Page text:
It had been 20+ years since I travelled through Thailand with a backpack and (very) limited budget.
On my first trip to South East Asia I was immediately struck by the warmth and friendliness of the Thai people, but managed to spend over two weeks in their country while only really seeing one famous sight – the ancient capital of Ayutthaya.
This trip stood in contrast, including a generous budget and the most touristed destinations. We stayed in good hotels, took flights, had a car and dined wherever we desired.
To those who have not visited Thailand, it my come as a surprise that according to some measures, it may be the most touristed country on earth. Thailand is safe, friendly, generally clean and easy to navigate, despite a rather substantial written language barrier.
It is also extremely affordable for almost any budget. Looking back 20 years, Thailand in 2020 feels more affluent and Bangkok’s transport infrastructure has certainly improved. This was desperately needed.
Traffic is hectic to crazy, yet despite lights and road markings being mere suggestions, the atmosphere is not shattered by the constant honking so common in other countries.
Crossing roads remains a challenge and the swarms of scooters and motorbikes – often with entire, helmet-less families riding together – exacerbate any attempt at fluid transport.
Add many foreigners to this symphony of movement, and it is a wonder we only witnessed a few accidents.
Thailand is a Buddhist country and a Monarchy. There is a sizeable Muslim population – most notably in the South, and everyone seems to get along very well. Admirably, in fact.
Upon arrival to Chiang Mai in Thailand’s North, there is a large billboard clarifying that images of Buddha are to be respected and not used for tattoos, as ornaments or for jokes. This seems fair enough.
I am not a religious person, but I certainly feel more drawn to aspects of Buddhism than other religions. The iconography is warm and beautiful and the gentle monastic lifestyle could be very appealing. I am sure there are many faults, but wow, there is a lot to learn.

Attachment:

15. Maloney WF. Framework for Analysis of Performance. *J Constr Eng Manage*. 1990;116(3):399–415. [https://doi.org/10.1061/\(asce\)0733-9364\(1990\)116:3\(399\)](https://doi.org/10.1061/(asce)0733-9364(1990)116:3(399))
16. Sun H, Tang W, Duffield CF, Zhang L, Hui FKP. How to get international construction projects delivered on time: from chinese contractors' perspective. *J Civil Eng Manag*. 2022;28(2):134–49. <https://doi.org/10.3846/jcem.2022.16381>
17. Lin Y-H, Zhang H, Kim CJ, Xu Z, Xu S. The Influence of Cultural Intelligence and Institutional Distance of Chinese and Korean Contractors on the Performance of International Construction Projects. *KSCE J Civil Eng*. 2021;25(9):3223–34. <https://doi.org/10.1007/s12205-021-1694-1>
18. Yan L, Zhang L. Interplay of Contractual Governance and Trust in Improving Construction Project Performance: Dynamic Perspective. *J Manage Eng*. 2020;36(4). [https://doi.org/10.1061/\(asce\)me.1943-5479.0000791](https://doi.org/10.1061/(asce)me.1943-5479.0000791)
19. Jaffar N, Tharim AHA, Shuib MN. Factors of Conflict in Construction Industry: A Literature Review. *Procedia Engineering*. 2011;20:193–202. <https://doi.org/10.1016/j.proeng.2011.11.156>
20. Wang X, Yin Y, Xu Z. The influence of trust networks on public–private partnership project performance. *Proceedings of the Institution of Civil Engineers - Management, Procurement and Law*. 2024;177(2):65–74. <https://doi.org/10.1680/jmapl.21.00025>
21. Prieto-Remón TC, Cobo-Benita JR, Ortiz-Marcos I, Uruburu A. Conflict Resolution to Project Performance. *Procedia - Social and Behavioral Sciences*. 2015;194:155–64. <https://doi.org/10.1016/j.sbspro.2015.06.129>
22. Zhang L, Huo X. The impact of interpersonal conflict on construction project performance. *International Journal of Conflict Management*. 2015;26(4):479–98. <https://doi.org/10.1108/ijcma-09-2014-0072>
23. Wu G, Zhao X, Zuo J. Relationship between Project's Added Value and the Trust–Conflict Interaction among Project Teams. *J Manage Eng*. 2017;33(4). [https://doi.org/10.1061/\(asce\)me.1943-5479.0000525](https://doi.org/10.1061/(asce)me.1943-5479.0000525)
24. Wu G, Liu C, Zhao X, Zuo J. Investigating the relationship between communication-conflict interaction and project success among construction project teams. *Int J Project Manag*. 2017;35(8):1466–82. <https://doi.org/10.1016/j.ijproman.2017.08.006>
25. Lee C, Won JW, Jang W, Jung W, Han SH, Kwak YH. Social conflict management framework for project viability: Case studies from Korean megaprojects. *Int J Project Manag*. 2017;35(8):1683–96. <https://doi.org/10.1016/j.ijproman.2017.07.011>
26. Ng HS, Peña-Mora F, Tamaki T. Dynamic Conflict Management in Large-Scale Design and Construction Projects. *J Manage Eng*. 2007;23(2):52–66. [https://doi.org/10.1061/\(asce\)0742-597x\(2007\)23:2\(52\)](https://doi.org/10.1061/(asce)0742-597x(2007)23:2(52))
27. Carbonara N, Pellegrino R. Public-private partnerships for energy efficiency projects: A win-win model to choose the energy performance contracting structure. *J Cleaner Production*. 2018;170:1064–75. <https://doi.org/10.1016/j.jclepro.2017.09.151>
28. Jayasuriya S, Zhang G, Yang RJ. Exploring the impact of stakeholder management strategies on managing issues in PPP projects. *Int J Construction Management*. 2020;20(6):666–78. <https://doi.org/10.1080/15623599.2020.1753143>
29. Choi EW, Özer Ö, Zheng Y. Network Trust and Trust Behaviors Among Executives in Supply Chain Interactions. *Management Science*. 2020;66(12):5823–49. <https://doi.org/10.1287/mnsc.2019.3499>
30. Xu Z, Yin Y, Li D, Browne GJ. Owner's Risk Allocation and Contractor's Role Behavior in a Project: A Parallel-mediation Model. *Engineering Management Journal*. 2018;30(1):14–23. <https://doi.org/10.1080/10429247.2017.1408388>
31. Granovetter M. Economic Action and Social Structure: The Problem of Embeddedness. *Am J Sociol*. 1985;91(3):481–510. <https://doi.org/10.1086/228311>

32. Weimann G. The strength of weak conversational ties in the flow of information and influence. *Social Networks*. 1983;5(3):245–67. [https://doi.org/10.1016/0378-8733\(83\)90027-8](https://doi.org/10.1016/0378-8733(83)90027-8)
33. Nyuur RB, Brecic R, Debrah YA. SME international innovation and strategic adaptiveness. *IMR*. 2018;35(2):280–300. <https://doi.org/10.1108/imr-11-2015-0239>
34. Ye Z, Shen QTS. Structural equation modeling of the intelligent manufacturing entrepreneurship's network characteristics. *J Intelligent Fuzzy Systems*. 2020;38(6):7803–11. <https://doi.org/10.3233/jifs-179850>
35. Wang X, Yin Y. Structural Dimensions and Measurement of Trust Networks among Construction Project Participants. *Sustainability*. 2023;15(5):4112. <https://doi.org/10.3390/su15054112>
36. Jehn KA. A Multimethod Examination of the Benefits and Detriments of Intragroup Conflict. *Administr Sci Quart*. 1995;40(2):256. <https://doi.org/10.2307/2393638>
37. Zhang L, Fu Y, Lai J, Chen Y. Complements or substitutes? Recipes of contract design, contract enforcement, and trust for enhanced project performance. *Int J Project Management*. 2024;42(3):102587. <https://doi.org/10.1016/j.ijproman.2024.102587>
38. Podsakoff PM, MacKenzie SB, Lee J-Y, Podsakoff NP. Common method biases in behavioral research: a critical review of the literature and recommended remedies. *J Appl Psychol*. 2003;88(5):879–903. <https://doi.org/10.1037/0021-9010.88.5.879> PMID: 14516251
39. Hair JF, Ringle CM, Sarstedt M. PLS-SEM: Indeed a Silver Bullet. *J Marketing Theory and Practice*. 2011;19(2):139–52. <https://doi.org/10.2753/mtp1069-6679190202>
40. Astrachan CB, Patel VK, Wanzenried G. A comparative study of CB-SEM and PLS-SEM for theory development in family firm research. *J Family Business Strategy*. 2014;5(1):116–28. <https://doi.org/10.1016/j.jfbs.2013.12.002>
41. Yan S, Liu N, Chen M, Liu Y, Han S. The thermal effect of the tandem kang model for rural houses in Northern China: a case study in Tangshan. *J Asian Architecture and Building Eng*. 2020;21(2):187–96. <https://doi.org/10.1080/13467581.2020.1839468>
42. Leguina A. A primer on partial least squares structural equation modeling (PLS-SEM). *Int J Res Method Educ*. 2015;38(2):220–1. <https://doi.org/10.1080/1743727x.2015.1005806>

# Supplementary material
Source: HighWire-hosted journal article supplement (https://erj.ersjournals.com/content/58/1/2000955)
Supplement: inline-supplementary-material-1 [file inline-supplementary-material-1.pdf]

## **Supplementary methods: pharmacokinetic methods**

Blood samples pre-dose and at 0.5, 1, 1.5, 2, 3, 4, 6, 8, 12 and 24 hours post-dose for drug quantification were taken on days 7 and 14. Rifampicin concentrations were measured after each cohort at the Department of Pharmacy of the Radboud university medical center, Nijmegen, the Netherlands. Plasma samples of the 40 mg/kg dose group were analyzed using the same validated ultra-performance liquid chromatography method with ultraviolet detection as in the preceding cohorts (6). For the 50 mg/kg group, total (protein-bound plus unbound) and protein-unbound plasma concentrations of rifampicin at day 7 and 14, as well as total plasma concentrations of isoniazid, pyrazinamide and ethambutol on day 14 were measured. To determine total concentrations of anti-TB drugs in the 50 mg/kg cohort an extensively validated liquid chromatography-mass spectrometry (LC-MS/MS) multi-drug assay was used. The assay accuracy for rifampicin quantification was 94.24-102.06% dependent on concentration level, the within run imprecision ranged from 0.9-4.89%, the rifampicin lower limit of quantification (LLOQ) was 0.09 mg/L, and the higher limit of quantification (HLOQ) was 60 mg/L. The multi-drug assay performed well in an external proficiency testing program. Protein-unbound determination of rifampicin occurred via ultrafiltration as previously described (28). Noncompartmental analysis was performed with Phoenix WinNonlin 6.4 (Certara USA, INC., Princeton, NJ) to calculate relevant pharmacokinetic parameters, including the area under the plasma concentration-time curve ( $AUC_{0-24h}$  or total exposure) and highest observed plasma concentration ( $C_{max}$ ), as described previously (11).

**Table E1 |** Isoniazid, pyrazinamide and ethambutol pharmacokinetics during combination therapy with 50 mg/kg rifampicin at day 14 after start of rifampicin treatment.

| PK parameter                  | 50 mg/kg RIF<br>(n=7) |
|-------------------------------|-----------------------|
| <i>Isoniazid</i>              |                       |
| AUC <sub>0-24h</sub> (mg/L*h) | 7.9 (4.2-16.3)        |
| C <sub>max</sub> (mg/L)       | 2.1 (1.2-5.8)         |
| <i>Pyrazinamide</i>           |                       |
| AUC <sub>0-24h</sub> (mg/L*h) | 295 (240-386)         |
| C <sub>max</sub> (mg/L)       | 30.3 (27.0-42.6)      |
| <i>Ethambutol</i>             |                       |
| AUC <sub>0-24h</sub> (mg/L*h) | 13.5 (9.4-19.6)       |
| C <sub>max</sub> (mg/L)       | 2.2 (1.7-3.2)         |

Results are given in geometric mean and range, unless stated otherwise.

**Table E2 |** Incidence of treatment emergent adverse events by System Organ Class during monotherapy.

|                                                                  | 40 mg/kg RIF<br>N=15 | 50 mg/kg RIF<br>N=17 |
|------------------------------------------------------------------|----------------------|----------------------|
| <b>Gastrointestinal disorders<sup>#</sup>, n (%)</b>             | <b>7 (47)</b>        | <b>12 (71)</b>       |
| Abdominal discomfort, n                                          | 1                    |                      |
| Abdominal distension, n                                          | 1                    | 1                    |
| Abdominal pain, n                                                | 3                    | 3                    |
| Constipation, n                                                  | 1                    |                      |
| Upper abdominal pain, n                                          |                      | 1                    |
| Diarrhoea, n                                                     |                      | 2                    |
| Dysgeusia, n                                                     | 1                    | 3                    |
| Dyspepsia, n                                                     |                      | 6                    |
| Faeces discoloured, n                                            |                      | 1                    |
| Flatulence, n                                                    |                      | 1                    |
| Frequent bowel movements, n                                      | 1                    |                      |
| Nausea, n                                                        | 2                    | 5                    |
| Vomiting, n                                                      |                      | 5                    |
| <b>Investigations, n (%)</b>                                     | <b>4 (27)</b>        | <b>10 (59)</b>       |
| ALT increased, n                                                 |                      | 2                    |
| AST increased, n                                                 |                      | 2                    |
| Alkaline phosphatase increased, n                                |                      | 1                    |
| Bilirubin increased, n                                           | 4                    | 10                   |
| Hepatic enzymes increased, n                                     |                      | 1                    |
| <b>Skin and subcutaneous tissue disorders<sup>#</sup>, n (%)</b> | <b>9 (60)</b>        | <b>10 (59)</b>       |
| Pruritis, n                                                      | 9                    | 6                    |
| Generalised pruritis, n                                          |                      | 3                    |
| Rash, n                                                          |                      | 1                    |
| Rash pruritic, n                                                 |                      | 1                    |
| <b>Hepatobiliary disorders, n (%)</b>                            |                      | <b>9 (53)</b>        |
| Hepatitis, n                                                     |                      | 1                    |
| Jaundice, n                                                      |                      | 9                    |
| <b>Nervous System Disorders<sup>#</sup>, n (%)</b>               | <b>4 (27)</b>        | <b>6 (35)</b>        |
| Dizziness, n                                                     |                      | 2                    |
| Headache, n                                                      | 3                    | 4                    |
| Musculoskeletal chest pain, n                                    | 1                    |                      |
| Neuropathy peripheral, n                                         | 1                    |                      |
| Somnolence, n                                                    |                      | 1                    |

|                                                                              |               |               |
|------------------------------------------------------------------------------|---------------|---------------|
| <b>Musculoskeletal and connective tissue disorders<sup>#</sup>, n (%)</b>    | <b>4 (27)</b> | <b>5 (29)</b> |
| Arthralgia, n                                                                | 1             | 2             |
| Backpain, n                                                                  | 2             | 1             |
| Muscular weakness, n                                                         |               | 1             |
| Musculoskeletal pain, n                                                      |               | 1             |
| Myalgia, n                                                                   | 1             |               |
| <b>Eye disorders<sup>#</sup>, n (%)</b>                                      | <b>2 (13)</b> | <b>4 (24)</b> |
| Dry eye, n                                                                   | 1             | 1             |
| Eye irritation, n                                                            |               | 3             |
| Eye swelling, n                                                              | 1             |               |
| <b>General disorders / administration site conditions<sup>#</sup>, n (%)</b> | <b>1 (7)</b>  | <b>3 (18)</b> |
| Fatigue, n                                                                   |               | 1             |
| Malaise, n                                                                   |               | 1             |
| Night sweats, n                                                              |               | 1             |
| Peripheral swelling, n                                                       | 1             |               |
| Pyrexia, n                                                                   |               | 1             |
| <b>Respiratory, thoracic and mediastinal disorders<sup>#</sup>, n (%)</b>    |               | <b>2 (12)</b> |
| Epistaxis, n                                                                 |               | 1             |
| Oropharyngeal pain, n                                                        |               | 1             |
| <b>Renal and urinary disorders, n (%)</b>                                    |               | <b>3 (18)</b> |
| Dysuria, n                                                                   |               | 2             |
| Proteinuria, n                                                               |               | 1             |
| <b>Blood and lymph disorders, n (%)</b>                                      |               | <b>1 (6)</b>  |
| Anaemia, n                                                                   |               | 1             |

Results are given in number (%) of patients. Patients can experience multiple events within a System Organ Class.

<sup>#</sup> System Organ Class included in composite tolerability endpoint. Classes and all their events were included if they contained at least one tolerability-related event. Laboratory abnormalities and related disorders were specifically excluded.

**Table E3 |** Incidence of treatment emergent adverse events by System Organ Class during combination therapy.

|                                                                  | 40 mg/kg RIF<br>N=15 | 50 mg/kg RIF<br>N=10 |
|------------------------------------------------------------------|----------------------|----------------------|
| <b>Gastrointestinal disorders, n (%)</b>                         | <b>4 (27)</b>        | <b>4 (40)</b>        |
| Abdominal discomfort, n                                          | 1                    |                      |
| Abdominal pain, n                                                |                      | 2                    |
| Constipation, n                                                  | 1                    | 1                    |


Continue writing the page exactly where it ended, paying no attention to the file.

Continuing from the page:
Temples are generally inviting places of peace and inner reflection. Karma undoubtably contributes to a culture of kindness – I find this much more motivating than the punishment-oriented structure of the monotheistic faiths. Of course reincarnation is surely an effective tool with which to promise ‘a better go the next time around.’
Architecture & Safety
Excepting the magnificent temples, shrines and even mosques, Thai architecture is distinctly more functional than attractive.
Town streets feel very much like the haphazard cement structures common the world over. Many streets could be anywhere hot and certainly reminded us of Latin America with one important distinction; Thais clearly do not require walls or metal bars around their houses or over their windows.
Thailand’s power grid is painfully obvious. Power wires infest every street and building. Fortunately the country does not suffer huge Earthquakes (but has indeed suffered Tsunamis), otherwise the grid could not be sustainable.
The safety element of Thailand is really wonderful. I did use the lockbox in my room, but felt entirely comfortable carrying money and documents. In fact ‘beware of theft’ warnings appeared to be in areas frequented by backpackers and tourists. For fear of generalizing ( 😉 ), I expect one should worry more about the thousands upon thousands of budget travellers than the Thai people themselves.
Bangkok is a major city and economic hub. Its broader population is well above 15 million and it was among the first major cities to suffer true gridlock. Since my last visit, a new, elevated train system and a series of expressways has improved the situation, but the ambient noise and pollution is alarming.
The city is relatively young, for an ancient country and culture. Consequently the architecture offers a haphazard mix of regal, ultra-modern, tropical and Third World.
The Chao Phraya River, which opens to the Gulf of Thailand helps to define the city. We wasted a little money buying a day pass on a hop-on hop-off boat, and the river’s murky waters are festooned with plastic.